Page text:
At the end of last week’s blog in this series, Querying, I said it was the second hardest step of the whole process. This week, we’re going to talk about the absolute worst of them all:
Once you’ve signed with an agent, there’s the expectation that it’s all easy from there. It’s not. Not by a long shot. This is the phase when your new agent who you hopefully just love starts pitching your books to their connections in the industry. I remember that first week so well, sitting there squirming, sure that at any moment, Caitlin was going to call and tell me that every big name publisher in the world was beating down her door to buy The Deathsniffer’s Assistant.
Well. Surprise! That didn’t happen. Nothing even close to that happened.
Instead, I waited.
Waiting is the worst. Unlike all the other steps of the process, there’s just nothing you can be doing on your end. It’s not a matter of trying harder, being more dedicated, or commiting to your work. It’s completely out of your hands.
And it absolutely sucks.
Here are some tips that I learned to keep yourself sane during the waiting game.
1. Lower your expectations.
There’s a great way to go through life, and it’s with big dreams, high hopes, and the understanding that reality probably won’t deliver. If you go into this process expecting to get the offer of a lifetime a week after you sign with your agency, you’re going to be crushed when you realize that probably the opposite of that is going to end up happening.
Try to go into this process expecting something reasonable. Like, for example, getting a contract from a passionately interested up and coming independent publisher with a unique business model six months after your agent starts pitching. We all have dreams of where we would like our books to go and how much we would like on our advance for them, but dreams are going to squash you flat if you measure your success or failure on whether you get them.
You probably won’t get an offer right away. You might not get an offer for a long time.
You probably won’t get an offer from a Big Five publisher. You might not get an offer from an established house at all.
This is all okay. There are a lot more happy ending stories in this business than there used to be that don’t involve Random House. A Big Five contract is no guarantee of success, and a small indie house is not a sign of failure.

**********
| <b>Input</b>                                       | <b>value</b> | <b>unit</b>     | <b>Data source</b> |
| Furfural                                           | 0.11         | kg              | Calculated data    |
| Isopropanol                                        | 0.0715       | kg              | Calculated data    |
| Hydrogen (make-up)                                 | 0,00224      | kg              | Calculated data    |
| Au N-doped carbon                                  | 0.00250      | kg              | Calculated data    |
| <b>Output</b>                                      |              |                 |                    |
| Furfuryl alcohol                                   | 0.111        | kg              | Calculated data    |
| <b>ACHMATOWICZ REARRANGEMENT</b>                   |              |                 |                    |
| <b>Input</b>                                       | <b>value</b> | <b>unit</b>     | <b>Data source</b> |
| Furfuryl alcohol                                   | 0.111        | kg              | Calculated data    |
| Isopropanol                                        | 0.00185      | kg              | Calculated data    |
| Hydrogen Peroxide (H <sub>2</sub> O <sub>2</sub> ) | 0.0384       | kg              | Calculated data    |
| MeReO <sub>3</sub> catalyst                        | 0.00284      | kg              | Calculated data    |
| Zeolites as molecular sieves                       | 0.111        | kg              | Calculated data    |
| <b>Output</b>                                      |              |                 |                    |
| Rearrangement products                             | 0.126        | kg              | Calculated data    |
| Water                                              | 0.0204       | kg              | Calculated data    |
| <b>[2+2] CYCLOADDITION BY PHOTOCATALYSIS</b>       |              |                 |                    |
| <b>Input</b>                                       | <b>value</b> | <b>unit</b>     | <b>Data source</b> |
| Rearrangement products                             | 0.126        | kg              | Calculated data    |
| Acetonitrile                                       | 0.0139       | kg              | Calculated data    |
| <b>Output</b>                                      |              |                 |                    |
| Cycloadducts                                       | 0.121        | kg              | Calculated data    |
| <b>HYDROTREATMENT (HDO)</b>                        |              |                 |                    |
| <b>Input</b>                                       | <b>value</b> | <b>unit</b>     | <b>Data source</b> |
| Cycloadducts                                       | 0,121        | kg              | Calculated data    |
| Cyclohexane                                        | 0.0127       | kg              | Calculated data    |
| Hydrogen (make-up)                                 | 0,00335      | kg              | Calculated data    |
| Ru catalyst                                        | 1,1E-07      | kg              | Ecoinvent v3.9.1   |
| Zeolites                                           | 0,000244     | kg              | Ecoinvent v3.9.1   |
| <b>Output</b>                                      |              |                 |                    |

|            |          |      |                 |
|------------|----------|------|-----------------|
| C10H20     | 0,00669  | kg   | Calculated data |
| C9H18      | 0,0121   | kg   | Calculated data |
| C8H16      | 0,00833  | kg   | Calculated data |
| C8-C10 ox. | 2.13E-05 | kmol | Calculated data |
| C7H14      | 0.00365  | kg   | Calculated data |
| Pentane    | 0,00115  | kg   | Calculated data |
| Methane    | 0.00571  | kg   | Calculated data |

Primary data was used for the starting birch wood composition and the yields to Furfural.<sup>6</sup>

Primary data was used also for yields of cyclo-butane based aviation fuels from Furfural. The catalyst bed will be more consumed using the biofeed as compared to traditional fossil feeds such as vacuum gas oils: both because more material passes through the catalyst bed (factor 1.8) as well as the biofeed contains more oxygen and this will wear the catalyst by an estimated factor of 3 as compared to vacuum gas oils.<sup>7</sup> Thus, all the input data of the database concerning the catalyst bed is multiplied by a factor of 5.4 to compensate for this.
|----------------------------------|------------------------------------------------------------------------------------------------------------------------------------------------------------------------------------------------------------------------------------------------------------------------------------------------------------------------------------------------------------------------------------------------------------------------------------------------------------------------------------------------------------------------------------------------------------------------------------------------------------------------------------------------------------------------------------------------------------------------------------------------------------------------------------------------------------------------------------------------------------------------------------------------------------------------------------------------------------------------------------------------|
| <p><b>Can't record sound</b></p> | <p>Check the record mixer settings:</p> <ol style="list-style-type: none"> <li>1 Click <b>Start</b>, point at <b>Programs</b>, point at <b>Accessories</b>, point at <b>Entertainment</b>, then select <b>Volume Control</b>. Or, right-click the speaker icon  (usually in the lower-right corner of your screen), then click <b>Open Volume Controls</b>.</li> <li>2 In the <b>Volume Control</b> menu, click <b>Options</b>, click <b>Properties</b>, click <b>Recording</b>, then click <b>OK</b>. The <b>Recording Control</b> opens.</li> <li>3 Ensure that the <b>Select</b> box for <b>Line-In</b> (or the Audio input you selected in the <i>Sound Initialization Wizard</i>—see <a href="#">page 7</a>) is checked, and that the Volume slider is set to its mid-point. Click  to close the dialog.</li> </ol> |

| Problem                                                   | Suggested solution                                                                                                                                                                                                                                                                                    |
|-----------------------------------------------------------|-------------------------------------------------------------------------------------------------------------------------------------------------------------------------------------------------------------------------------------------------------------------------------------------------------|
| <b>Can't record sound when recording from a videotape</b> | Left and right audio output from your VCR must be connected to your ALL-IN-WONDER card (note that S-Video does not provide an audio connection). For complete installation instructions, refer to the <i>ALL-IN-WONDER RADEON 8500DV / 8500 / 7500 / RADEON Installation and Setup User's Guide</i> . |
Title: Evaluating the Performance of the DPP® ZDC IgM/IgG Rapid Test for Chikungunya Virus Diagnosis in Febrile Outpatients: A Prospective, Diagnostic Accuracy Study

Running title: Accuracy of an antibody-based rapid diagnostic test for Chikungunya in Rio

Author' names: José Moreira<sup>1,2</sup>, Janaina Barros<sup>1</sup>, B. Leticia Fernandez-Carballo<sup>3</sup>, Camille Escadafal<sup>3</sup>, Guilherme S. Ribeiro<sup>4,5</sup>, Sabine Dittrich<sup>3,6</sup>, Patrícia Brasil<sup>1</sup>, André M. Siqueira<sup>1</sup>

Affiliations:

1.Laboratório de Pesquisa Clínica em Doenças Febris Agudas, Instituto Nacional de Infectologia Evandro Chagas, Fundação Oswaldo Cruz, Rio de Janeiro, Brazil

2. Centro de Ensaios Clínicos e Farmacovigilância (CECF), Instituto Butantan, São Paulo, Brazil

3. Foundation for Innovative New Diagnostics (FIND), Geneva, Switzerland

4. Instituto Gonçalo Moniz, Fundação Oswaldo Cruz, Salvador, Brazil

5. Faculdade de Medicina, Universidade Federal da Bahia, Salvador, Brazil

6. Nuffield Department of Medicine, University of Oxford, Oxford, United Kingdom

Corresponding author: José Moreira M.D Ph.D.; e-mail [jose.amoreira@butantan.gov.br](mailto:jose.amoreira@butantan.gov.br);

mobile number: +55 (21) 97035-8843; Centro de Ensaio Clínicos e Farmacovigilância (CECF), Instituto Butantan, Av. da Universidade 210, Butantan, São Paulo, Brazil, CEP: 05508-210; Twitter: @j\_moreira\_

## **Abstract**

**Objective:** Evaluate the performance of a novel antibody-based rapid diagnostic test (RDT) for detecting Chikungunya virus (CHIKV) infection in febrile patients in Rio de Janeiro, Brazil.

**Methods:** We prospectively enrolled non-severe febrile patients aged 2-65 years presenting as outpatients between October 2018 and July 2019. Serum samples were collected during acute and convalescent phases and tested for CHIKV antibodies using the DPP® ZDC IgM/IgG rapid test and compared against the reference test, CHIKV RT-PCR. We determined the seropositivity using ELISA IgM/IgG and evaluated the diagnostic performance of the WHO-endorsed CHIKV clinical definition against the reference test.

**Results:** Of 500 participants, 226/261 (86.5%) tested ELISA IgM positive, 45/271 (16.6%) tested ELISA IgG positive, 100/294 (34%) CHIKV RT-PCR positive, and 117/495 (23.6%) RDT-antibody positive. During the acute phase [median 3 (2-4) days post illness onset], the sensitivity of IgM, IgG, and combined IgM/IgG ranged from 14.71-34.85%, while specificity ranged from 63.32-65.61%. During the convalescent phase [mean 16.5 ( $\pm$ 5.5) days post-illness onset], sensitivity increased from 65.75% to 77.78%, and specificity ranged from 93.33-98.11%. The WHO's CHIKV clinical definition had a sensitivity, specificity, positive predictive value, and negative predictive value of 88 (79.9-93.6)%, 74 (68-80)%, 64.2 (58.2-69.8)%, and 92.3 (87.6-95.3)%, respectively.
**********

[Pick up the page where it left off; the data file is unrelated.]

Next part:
2. Trust Your Agent.
Your agent has a lot of clients other than you, a finite number of hours in a day, and can’t work miracles. They are doing their best to get your book out there. This is their job, and they know what they’re doing. But if their job was easy, everyone would do it, and you’ll drive yourself insane worrying that they’re not working hard enough on your behalf.
If nothing else, trust your agent’s desire to get paid. If they don’t sell your career, they’re taking a loss on all the time they’ve spent working with you. Everyone wants to get paid!
But more than that, try to trust that your agent believes in your book. Your agent is a busy person. If they asked to read your full manuscript, they thought it had potential. If they got through the entire book, they thought it was good enough to not quit. If they called you up and offered to sign you, they think that your career was worth hitching their wagon to. All of this happened despite the fact that your agent probably got twenty other queries on the day you submitted. They chose you, they spent time on you, and they want to see your book succeed. Why would they be doing anything less than their best?
A motto I kept repeating to myself during this long process whenever I started to get stressed out was that “no news is no news.” Your agent wants to be able to keep you updated and they especially want to tell you good news. If you haven’t heard anything in months, it’s more than reasonable to assume that they haven’t, either. Editors have a lot of agents banging on their doors. Odds are that your agent hasn’t even been hearing “no.” She’s just been hearing nothing at all.
There were eleven months between my submission to Caitlin and the day I signed with Curiosity Quills, and there were some moments in there where I let myself wallow a bit. And in the end, Caitlin came through and I’m incredibly happy with my publishing family and all that anxiety energy was for nothing. Choose not to doubt! You trusted this person enough to sign a contract with them, so trust them enough to fulfill their end of it!